& Joannie Dobbs Monday,
Healthy habits help protect the prostate
THE PSA blood test is often touted as the gold standard in screening men for prostate cancer. But earlier this year, the New England Journal of Medicine reported that 15 percent of men with "normal" PSA blood values (less than 4 nanograms per milliliter) actually had significantly advanced prostate cancer when they were evaluated using more sensitive biopsy testing. Still, the PSA test is very valuable in diagnosing prostate cancer in many men at an early and still treatable stage.
The best message here is to acknowledge that few things in life have 100 percent reliability, so even men with low PSA values should do what they can to lower their risks. Researchers are steadily uncovering factors that can reduce the risk of developing prostate cancer. Fortunately, many of the same things that benefit other aspects of health also help maintain prostate health.
Question: Can foods and nutrients benefit prostate health?
Answer: Quite a number of prostate-friendly foods and food components are being identified. A number of studies point to the importance of foods high in antioxidants, especially vitamin E and the mineral selenium.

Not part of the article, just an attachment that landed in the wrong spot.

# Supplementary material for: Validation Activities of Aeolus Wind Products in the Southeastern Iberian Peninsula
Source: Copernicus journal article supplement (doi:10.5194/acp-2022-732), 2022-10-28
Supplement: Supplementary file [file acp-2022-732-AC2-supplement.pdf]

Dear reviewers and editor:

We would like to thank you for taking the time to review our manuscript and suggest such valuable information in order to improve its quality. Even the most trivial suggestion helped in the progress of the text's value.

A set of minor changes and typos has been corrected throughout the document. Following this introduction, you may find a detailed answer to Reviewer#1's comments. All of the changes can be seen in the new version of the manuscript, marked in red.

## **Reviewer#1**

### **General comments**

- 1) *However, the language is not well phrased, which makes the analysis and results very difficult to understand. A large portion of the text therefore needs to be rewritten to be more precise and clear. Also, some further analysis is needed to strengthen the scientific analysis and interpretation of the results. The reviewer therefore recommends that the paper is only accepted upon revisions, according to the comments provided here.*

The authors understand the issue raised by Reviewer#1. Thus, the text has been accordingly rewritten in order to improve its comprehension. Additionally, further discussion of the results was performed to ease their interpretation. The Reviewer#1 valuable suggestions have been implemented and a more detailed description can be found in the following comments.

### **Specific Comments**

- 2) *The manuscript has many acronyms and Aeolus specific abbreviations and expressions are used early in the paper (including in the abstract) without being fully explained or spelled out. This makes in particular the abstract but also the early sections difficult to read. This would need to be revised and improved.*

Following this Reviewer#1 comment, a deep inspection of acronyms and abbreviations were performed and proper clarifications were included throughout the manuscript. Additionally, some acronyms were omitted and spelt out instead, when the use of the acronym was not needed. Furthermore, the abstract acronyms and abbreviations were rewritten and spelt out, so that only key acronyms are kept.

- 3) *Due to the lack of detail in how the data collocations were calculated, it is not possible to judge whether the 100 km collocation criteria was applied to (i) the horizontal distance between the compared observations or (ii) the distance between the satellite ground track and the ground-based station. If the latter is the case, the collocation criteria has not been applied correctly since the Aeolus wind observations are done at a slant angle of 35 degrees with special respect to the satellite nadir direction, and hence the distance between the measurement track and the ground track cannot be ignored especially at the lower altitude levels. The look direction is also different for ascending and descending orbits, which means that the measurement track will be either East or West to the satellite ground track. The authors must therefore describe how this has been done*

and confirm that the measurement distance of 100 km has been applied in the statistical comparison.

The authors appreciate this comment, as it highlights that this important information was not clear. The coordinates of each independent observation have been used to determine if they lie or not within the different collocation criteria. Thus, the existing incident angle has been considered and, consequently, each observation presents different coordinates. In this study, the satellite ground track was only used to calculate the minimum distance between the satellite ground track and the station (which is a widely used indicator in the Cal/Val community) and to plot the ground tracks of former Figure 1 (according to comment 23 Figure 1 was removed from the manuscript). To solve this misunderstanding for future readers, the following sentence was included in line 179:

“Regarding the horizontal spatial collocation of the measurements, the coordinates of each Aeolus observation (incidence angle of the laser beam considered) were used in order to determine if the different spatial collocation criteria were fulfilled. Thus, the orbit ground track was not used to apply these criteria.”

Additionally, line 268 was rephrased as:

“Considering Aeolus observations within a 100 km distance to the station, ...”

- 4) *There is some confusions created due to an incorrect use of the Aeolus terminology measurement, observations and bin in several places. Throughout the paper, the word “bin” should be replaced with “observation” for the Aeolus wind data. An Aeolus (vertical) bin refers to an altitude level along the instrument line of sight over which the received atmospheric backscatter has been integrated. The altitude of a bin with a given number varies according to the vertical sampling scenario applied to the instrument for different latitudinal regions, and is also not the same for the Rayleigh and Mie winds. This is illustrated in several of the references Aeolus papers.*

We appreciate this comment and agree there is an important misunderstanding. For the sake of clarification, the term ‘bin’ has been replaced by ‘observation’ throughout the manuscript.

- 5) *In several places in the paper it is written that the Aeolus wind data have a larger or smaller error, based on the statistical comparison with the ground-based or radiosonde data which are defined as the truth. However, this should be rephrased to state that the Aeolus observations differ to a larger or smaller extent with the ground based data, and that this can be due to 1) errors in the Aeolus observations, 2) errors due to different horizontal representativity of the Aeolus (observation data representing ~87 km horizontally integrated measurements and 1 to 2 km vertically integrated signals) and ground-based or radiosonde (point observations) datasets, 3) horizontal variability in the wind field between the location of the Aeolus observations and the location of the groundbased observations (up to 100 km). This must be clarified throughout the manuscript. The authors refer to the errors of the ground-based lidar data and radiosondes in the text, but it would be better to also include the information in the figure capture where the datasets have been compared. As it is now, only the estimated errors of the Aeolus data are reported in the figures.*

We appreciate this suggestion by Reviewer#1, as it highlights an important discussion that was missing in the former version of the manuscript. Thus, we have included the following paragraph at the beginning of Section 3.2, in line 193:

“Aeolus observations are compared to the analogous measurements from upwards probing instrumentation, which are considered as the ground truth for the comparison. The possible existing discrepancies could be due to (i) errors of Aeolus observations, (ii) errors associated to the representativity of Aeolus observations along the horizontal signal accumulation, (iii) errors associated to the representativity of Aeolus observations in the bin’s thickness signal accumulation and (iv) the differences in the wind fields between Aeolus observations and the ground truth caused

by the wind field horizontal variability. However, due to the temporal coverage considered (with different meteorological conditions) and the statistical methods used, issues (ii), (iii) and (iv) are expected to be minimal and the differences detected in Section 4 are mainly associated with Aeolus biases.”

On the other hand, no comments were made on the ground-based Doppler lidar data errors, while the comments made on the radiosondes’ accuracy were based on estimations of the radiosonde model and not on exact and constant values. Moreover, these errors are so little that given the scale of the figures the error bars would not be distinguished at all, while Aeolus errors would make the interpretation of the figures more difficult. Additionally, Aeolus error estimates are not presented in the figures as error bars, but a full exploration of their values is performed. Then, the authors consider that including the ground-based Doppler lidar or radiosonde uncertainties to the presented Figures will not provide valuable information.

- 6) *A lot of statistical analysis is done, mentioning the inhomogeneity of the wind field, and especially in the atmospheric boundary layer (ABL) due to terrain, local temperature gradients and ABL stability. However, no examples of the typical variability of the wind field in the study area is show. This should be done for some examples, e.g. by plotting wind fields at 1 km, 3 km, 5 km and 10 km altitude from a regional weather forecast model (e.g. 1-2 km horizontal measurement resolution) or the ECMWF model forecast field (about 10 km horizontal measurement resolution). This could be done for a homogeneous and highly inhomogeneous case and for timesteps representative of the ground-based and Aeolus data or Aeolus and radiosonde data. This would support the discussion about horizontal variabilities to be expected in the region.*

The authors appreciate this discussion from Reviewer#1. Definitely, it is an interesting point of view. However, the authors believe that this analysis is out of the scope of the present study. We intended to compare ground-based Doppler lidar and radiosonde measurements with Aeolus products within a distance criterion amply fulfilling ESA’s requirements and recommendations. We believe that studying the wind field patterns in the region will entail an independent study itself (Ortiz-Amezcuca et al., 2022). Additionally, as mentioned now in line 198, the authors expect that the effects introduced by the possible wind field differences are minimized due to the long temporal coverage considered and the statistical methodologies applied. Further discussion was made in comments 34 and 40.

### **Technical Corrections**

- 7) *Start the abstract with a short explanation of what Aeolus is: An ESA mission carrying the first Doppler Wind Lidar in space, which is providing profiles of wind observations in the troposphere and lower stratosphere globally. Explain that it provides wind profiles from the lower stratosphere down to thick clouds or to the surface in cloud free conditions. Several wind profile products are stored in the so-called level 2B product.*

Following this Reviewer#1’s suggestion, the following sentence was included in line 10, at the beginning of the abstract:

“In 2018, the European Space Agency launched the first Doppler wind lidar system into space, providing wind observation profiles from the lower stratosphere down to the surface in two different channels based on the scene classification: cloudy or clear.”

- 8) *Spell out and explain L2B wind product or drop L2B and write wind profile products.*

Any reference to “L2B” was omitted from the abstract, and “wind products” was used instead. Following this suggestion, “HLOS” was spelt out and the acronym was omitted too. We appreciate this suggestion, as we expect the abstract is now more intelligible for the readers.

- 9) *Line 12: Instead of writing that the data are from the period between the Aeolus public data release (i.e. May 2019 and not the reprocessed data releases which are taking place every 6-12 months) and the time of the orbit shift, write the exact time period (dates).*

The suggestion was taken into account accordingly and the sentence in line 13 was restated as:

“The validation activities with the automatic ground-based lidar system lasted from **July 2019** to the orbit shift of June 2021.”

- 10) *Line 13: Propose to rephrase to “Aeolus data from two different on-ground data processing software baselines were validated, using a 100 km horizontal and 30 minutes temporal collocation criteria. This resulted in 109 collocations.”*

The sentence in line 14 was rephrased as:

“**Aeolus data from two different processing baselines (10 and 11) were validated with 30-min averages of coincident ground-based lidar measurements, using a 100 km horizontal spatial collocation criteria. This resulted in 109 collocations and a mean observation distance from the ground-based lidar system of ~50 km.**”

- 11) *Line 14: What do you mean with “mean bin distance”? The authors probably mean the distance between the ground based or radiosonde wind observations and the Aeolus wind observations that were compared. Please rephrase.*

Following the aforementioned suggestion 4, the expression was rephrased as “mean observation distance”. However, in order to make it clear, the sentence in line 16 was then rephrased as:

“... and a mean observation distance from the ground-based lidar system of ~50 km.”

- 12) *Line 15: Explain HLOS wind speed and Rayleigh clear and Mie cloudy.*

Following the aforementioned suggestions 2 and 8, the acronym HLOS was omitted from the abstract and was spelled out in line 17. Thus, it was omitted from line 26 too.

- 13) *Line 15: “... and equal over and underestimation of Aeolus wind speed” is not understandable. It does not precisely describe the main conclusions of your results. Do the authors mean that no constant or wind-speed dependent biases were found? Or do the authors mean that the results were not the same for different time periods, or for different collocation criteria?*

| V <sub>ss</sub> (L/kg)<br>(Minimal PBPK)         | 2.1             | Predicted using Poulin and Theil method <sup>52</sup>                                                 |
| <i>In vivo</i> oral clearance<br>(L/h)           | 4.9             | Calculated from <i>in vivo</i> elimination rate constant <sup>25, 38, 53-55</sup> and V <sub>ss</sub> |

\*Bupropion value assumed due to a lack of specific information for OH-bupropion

Good sources of vitamin E include nuts and seeds, spinach, fortified breakfast cereals and sunflower, safflower and canola oils. For those taking vitamin E supplements, it is best that the dosage not exceed 400 IU per day. Those taking blood-thinner drugs should not take vitamin E supplements without a physician's supervision.
Foods high in selenium include nuts (especially brazil nuts), fish, whole grains and lean red meats. Just one brazil nut provides 150 percent of a man's recommended daily allowance of 55 micrograms. Because selenium can be toxic, total intake should not exceed 400 micrograms per day.
Adequate vitamin D, from moderate sun exposure or from diet, also might help. And phytoestrogens from soy foods might work in conjunction with vitamin D to further reduce risk.
Other recommended foods include grapes, peanuts and green tea.
Q: Can foods or nutrients increase risks?
A: Excessively high calcium intake from supplements or foods might increase risk, although remaining within commonly recommended calcium levels should not be a problem.
High intake of an omega-3 fatty acid called alpha-linolenic acid is associated with increased risk of prostate cancer as well as retinal macular degeneration. Flax oil, therefore, should be used in moderation.
Q: What herbs are used for prostate health?
A: Standardized extracts of saw palmetto might benefit the prostate gland, but saw palmetto can compound effects of blood-thinner drugs, including aspirin, and should be used with medical supervision.
Q: Can exercise help?
A: Regular exercise appears to be the most important factor in promoting prostate health. How and why remains a matter of further study.
Alan Titchenal, Ph.D., C.N.S. and Joannie Dobbs, Ph.D., C.N.S.
are nutritionists in the Department of Human Nutrition, Food and Animal Sciences,
College of Tropical Agriculture and Human Resources, UH-Manoa.
Dr. Dobbs also works with the University Health Service
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